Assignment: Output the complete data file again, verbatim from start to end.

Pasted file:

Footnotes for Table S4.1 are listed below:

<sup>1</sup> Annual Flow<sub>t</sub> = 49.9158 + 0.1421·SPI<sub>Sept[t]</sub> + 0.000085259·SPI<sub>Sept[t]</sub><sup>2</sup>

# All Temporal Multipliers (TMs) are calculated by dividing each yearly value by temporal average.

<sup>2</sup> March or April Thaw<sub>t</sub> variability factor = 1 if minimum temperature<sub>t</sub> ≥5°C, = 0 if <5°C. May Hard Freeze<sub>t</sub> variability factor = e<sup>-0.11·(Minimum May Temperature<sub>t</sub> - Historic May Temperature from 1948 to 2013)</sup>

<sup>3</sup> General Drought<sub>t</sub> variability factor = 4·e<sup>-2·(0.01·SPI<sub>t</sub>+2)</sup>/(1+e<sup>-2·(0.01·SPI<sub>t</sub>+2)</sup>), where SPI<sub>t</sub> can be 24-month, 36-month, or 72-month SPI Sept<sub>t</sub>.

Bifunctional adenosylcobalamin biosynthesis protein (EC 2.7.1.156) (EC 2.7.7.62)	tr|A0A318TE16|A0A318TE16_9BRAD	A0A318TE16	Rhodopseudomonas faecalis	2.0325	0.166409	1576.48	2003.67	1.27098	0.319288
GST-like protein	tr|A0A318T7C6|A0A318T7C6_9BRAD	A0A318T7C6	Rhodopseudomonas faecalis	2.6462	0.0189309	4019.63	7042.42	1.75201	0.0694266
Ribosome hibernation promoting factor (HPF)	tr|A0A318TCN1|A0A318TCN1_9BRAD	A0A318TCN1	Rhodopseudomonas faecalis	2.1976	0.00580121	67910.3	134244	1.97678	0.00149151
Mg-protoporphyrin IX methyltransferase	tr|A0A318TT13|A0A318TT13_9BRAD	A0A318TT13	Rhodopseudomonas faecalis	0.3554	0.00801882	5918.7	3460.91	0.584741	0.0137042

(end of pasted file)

Footnotes for Table S4.1 are listed below:

<sup>1</sup> Annual Flow<sub>t</sub> = 49.9158 + 0.1421·SPI<sub>Sept[t]</sub> + 0.000085259·SPI<sub>Sept[t]</sub><sup>2</sup>

# All Temporal Multipliers (TMs) are calculated by dividing each yearly value by temporal average.

<sup>2</sup> March or April Thaw<sub>t</sub> variability factor = 1 if minimum temperature<sub>t</sub> ≥5°C, = 0 if <5°C. May Hard Freeze<sub>t</sub> variability factor = e<sup>-0.11·(Minimum May Temperature<sub>t</sub> - Historic May Temperature from 1948 to 2013)</sup>

<sup>3</sup> General Drought<sub>t</sub> variability factor = 4·e<sup>-2·(0.01·SPI<sub>t</sub>+2)</sup>/(1+e<sup>-2·(0.01·SPI<sub>t</sub>+2)</sup>), where SPI<sub>t</sub> can be 24-month, 36-month, or 72-month SPI Sept<sub>t</sub>.

Bifunctional adenosylcobalamin biosynthesis protein (EC 2.7.1.156) (EC 2.7.7.62)	tr|A0A318TE16|A0A318TE16_9BRAD	A0A318TE16	Rhodopseudomonas faecalis	2.0325	0.166409	1576.48	2003.67	1.27098	0.319288
GST-like protein	tr|A0A318T7C6|A0A318T7C6_9BRAD	A0A318T7C6	Rhodopseudomonas faecalis	2.6462	0.0189309	4019.63	7042.42	1.75201	0.0694266
Ribosome hibernation promoting factor (HPF)	tr|A0A318TCN1|A0A318TCN1_9BRAD	A0A318TCN1	Rhodopseudomonas faecalis	2.1976	0.00580121	67910.3	134244	1.97678	0.00149151
Mg-protoporphyrin IX methyltransferase	tr|A0A318TT13|A0A318TT13_9BRAD	A0A318TT13	Rhodopseudomonas faecalis	0.3554	0.00801882	5918.7	3460.91	0.584741	0.0137042